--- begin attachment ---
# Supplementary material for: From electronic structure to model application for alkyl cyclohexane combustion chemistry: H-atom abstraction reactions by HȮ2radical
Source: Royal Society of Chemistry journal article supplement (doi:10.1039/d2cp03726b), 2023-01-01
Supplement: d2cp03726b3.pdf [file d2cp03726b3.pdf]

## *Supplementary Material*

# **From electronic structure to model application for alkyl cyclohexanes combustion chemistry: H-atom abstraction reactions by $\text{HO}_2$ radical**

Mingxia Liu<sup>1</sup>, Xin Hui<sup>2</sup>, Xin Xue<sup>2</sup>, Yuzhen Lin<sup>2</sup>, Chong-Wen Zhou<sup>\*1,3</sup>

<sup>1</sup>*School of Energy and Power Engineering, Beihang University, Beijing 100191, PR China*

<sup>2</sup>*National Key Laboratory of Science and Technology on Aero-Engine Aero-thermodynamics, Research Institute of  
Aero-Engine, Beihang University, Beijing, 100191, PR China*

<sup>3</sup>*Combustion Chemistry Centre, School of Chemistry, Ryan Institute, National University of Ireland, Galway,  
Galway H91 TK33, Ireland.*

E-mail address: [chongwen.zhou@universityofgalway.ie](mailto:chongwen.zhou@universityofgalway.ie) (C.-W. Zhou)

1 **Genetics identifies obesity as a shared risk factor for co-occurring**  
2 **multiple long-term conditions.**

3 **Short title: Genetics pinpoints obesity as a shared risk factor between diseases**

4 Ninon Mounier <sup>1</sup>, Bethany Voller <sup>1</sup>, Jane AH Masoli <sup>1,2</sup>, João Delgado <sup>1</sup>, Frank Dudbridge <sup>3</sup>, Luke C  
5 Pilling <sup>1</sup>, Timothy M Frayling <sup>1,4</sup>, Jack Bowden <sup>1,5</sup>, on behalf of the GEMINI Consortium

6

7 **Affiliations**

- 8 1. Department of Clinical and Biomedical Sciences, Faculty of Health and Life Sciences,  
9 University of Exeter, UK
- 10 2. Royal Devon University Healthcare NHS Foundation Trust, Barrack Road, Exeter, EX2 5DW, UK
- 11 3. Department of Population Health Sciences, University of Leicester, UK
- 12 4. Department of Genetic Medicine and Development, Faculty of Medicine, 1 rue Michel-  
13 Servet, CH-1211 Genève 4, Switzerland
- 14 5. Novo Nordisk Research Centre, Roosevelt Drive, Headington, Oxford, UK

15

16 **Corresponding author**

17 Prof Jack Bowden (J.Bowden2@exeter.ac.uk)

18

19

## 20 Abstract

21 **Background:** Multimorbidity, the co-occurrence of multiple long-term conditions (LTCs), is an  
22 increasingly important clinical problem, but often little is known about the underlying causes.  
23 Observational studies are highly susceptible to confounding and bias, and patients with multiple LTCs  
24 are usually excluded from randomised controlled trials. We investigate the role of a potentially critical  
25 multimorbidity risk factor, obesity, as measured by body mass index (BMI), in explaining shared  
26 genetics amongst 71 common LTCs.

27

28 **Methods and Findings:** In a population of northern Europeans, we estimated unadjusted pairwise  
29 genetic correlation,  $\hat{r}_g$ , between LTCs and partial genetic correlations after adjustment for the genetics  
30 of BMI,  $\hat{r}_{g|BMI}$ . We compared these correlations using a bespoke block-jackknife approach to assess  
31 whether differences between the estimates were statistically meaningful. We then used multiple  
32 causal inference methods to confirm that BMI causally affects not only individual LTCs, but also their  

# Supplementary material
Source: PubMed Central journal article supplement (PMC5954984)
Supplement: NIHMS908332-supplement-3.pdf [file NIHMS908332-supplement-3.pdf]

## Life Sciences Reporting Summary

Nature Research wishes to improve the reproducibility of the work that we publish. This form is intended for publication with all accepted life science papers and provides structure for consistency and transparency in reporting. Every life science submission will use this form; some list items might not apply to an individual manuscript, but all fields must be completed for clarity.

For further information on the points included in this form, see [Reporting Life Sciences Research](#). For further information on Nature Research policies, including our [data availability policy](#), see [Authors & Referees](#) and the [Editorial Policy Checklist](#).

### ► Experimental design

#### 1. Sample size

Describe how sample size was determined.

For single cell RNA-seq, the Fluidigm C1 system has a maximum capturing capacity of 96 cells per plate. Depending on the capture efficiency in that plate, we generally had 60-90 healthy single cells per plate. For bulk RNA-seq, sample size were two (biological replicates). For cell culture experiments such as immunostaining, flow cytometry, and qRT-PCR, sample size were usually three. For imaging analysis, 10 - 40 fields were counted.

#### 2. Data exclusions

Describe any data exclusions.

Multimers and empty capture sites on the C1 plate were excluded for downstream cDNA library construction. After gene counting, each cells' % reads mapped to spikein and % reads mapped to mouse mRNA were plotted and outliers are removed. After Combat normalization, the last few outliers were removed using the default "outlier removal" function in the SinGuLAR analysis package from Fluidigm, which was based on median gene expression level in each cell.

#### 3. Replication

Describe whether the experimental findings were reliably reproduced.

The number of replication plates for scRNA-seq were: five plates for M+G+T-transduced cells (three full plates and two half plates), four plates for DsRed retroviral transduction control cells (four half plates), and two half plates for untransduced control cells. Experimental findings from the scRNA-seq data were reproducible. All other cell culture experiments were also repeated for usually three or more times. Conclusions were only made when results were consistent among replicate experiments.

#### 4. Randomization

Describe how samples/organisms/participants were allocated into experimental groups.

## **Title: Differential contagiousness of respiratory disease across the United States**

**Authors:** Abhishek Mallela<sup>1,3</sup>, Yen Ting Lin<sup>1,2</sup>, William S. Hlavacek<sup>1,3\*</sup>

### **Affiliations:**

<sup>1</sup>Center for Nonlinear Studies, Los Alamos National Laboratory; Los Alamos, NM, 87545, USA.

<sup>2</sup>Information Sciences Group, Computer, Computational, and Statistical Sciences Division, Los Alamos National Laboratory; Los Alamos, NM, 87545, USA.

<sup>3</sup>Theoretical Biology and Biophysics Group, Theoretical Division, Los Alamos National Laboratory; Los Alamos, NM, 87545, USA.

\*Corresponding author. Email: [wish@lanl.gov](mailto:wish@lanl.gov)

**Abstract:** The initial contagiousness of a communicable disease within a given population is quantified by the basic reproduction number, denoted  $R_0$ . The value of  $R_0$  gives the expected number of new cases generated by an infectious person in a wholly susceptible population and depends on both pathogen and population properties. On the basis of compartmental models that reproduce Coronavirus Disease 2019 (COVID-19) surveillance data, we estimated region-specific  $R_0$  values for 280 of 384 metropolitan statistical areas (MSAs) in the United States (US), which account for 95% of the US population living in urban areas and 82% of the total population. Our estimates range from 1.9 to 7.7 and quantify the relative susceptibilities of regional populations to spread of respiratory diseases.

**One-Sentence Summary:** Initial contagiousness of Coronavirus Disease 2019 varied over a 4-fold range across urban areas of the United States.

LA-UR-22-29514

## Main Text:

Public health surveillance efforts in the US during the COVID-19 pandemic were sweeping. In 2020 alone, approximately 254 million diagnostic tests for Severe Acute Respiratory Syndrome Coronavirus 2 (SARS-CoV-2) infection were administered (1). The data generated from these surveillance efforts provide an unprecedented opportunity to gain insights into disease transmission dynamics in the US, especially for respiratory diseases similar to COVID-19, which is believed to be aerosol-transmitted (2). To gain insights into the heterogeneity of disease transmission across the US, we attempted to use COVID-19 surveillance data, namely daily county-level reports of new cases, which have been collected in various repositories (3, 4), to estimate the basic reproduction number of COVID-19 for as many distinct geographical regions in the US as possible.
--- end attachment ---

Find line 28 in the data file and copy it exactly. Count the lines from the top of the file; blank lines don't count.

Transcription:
16 **Corresponding author**